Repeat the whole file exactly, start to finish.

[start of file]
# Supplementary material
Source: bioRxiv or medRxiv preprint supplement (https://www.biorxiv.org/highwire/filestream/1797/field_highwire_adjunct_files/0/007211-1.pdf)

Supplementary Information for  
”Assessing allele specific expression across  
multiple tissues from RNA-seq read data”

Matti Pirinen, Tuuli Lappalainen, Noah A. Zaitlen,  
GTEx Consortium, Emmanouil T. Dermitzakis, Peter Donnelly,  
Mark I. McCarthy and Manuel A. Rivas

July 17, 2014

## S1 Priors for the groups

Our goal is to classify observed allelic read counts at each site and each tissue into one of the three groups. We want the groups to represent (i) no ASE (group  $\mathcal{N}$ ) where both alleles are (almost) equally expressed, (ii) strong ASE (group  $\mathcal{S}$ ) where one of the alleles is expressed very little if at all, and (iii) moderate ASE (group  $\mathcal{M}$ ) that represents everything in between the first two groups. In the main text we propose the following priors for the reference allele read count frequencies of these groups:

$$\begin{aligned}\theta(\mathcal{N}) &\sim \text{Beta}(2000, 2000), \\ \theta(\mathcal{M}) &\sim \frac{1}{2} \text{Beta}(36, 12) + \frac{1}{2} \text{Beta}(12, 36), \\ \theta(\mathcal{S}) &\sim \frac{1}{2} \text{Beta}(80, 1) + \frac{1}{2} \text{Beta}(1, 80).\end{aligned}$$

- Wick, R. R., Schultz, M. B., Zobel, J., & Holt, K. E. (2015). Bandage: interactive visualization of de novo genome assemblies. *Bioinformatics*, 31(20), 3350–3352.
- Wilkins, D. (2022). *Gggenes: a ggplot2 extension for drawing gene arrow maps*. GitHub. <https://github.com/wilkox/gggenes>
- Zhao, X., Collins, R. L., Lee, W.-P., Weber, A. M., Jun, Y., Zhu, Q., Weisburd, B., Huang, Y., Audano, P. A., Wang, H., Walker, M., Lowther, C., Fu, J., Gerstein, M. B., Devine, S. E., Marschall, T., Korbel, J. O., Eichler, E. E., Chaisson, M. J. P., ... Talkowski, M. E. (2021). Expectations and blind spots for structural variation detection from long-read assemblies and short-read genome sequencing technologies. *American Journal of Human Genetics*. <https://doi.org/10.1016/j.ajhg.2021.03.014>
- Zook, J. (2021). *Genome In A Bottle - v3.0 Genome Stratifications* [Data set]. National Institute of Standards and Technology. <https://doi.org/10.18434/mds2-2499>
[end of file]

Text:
# Supplementary material
Source: bioRxiv or medRxiv preprint supplement (https://www.biorxiv.org/highwire/filestream/1797/field_highwire_adjunct_files/0/007211-1.pdf)

Supplementary Information for  
”Assessing allele specific expression across  
multiple tissues from RNA-seq read data”

Matti Pirinen, Tuuli Lappalainen, Noah A. Zaitlen,  
GTEx Consortium, Emmanouil T. Dermitzakis, Peter Donnelly,  
Mark I. McCarthy and Manuel A. Rivas

July 17, 2014

## S1 Priors for the groups

Our goal is to classify observed allelic read counts at each site and each tissue into one of the three groups. We want the groups to represent (i) no ASE (group  $\mathcal{N}$ ) where both alleles are (almost) equally expressed, (ii) strong ASE (group  $\mathcal{S}$ ) where one of the alleles is expressed very little if at all, and (iii) moderate ASE (group  $\mathcal{M}$ ) that represents everything in between the first two groups. In the main text we propose the following priors for the reference allele read count frequencies of these groups:

$$\begin{aligned}\theta(\mathcal{N}) &\sim \text{Beta}(2000, 2000), \\ \theta(\mathcal{M}) &\sim \frac{1}{2} \text{Beta}(36, 12) + \frac{1}{2} \text{Beta}(12, 36), \\ \theta(\mathcal{S}) &\sim \frac{1}{2} \text{Beta}(80, 1) + \frac{1}{2} \text{Beta}(1, 80).\end{aligned}$$

- Wick, R. R., Schultz, M. B., Zobel, J., & Holt, K. E. (2015). Bandage: interactive visualization of de novo genome assemblies. *Bioinformatics*, 31(20), 3350–3352.
- Wilkins, D. (2022). *Gggenes: a ggplot2 extension for drawing gene arrow maps*. GitHub. <https://github.com/wilkox/gggenes>
- Zhao, X., Collins, R. L., Lee, W.-P., Weber, A. M., Jun, Y., Zhu, Q., Weisburd, B., Huang, Y., Audano, P. A., Wang, H., Walker, M., Lowther, C., Fu, J., Gerstein, M. B., Devine, S. E., Marschall, T., Korbel, J. O., Eichler, E. E., Chaisson, M. J. P., ... Talkowski, M. E. (2021). Expectations and blind spots for structural variation detection from long-read assemblies and short-read genome sequencing technologies. *American Journal of Human Genetics*. <https://doi.org/10.1016/j.ajhg.2021.03.014>
- Zook, J. (2021). *Genome In A Bottle - v3.0 Genome Stratifications* [Data set]. National Institute of Standards and Technology. <https://doi.org/10.18434/mds2-2499>